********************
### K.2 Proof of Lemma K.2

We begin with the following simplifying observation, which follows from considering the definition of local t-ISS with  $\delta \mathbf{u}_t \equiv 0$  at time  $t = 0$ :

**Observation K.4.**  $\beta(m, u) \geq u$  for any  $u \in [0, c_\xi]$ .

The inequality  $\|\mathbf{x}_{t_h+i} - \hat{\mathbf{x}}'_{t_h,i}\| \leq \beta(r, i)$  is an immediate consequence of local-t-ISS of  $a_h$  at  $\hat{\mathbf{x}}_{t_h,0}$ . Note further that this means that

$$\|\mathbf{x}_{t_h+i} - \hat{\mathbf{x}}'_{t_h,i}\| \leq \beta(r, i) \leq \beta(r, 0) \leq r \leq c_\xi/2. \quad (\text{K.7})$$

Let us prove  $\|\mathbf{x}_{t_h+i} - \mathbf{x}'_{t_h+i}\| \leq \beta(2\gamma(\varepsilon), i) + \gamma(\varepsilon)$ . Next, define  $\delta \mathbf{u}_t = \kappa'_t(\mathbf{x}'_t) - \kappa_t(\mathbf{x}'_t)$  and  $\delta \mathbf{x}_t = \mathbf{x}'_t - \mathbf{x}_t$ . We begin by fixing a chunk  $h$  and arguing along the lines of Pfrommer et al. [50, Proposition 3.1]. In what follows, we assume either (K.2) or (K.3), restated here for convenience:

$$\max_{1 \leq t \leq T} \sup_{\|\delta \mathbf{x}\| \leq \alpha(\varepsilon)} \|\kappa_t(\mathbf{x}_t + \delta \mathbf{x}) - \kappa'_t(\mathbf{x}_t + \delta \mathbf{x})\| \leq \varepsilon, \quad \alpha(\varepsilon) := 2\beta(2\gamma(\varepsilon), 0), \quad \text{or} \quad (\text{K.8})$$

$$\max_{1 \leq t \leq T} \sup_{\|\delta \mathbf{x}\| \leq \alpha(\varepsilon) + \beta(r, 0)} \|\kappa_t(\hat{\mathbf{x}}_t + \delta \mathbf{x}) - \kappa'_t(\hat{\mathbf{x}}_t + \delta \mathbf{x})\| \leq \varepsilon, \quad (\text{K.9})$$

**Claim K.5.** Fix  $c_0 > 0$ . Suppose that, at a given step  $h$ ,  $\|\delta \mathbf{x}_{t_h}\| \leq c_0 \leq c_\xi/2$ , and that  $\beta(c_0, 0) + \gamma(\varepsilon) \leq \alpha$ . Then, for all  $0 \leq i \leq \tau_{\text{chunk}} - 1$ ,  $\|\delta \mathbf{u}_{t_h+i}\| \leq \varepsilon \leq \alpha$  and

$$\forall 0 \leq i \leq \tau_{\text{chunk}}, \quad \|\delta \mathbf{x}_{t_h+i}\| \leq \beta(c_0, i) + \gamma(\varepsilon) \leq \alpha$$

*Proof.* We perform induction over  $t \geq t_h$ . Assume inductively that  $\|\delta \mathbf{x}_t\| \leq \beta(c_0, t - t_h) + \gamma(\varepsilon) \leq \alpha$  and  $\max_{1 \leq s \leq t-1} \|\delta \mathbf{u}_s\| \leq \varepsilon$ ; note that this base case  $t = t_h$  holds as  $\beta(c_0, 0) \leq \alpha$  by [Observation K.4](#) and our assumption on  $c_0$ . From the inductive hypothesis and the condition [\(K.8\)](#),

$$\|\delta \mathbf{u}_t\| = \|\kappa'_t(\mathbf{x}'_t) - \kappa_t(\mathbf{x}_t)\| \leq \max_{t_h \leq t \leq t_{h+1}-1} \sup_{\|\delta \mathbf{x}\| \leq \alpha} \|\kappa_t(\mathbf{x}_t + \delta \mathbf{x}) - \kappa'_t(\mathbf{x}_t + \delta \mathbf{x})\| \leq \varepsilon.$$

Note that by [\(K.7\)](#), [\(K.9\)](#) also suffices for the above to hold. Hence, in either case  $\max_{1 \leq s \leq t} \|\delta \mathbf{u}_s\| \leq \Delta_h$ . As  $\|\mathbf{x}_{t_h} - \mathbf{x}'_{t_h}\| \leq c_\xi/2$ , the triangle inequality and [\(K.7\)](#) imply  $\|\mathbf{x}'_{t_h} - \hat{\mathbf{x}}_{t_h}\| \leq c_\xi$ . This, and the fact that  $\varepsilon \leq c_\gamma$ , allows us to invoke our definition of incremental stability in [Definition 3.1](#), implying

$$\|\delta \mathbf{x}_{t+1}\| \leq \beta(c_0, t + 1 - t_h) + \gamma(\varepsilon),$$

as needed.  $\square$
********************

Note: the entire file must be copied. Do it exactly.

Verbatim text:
### K.2 Proof of Lemma K.2

We begin with the following simplifying observation, which follows from considering the definition of local t-ISS with  $\delta \mathbf{u}_t \equiv 0$  at time  $t = 0$ :

**Observation K.4.**  $\beta(m, u) \geq u$  for any  $u \in [0, c_\xi]$ .

The inequality  $\|\mathbf{x}_{t_h+i} - \hat{\mathbf{x}}'_{t_h,i}\| \leq \beta(r, i)$  is an immediate consequence of local-t-ISS of  $a_h$  at  $\hat{\mathbf{x}}_{t_h,0}$ . Note further that this means that

$$\|\mathbf{x}_{t_h+i} - \hat{\mathbf{x}}'_{t_h,i}\| \leq \beta(r, i) \leq \beta(r, 0) \leq r \leq c_\xi/2. \quad (\text{K.7})$$

Let us prove  $\|\mathbf{x}_{t_h+i} - \mathbf{x}'_{t_h+i}\| \leq \beta(2\gamma(\varepsilon), i) + \gamma(\varepsilon)$ . Next, define  $\delta \mathbf{u}_t = \kappa'_t(\mathbf{x}'_t) - \kappa_t(\mathbf{x}'_t)$  and  $\delta \mathbf{x}_t = \mathbf{x}'_t - \mathbf{x}_t$ . We begin by fixing a chunk  $h$  and arguing along the lines of Pfrommer et al. [50, Proposition 3.1]. In what follows, we assume either (K.2) or (K.3), restated here for convenience:

$$\max_{1 \leq t \leq T} \sup_{\|\delta \mathbf{x}\| \leq \alpha(\varepsilon)} \|\kappa_t(\mathbf{x}_t + \delta \mathbf{x}) - \kappa'_t(\mathbf{x}_t + \delta \mathbf{x})\| \leq \varepsilon, \quad \alpha(\varepsilon) := 2\beta(2\gamma(\varepsilon), 0), \quad \text{or} \quad (\text{K.8})$$

$$\max_{1 \leq t \leq T} \sup_{\|\delta \mathbf{x}\| \leq \alpha(\varepsilon) + \beta(r, 0)} \|\kappa_t(\hat{\mathbf{x}}_t + \delta \mathbf{x}) - \kappa'_t(\hat{\mathbf{x}}_t + \delta \mathbf{x})\| \leq \varepsilon, \quad (\text{K.9})$$

**Claim K.5.** Fix  $c_0 > 0$ . Suppose that, at a given step  $h$ ,  $\|\delta \mathbf{x}_{t_h}\| \leq c_0 \leq c_\xi/2$ , and that  $\beta(c_0, 0) + \gamma(\varepsilon) \leq \alpha$ . Then, for all  $0 \leq i \leq \tau_{\text{chunk}} - 1$ ,  $\|\delta \mathbf{u}_{t_h+i}\| \leq \varepsilon \leq \alpha$  and

$$\forall 0 \leq i \leq \tau_{\text{chunk}}, \quad \|\delta \mathbf{x}_{t_h+i}\| \leq \beta(c_0, i) + \gamma(\varepsilon) \leq \alpha$$

*Proof.* We perform induction over  $t \geq t_h$ . Assume inductively that  $\|\delta \mathbf{x}_t\| \leq \beta(c_0, t - t_h) + \gamma(\varepsilon) \leq \alpha$  and  $\max_{1 \leq s \leq t-1} \|\delta \mathbf{u}_s\| \leq \varepsilon$ ; note that this base case  $t = t_h$  holds as  $\beta(c_0, 0) \leq \alpha$  by [Observation K.4](#) and our assumption on  $c_0$ . From the inductive hypothesis and the condition [\(K.8\)](#),

$$\|\delta \mathbf{u}_t\| = \|\kappa'_t(\mathbf{x}'_t) - \kappa_t(\mathbf{x}_t)\| \leq \max_{t_h \leq t \leq t_{h+1}-1} \sup_{\|\delta \mathbf{x}\| \leq \alpha} \|\kappa_t(\mathbf{x}_t + \delta \mathbf{x}) - \kappa'_t(\mathbf{x}_t + \delta \mathbf{x})\| \leq \varepsilon.$$

Note that by [\(K.7\)](#), [\(K.9\)](#) also suffices for the above to hold. Hence, in either case  $\max_{1 \leq s \leq t} \|\delta \mathbf{u}_s\| \leq \Delta_h$ . As  $\|\mathbf{x}_{t_h} - \mathbf{x}'_{t_h}\| \leq c_\xi/2$ , the triangle inequality and [\(K.7\)](#) imply  $\|\mathbf{x}'_{t_h} - \hat{\mathbf{x}}_{t_h}\| \leq c_\xi$ . This, and the fact that  $\varepsilon \leq c_\gamma$ , allows us to invoke our definition of incremental stability in [Definition 3.1](#), implying

$$\|\delta \mathbf{x}_{t+1}\| \leq \beta(c_0, t + 1 - t_h) + \gamma(\varepsilon),$$

as needed.  $\square$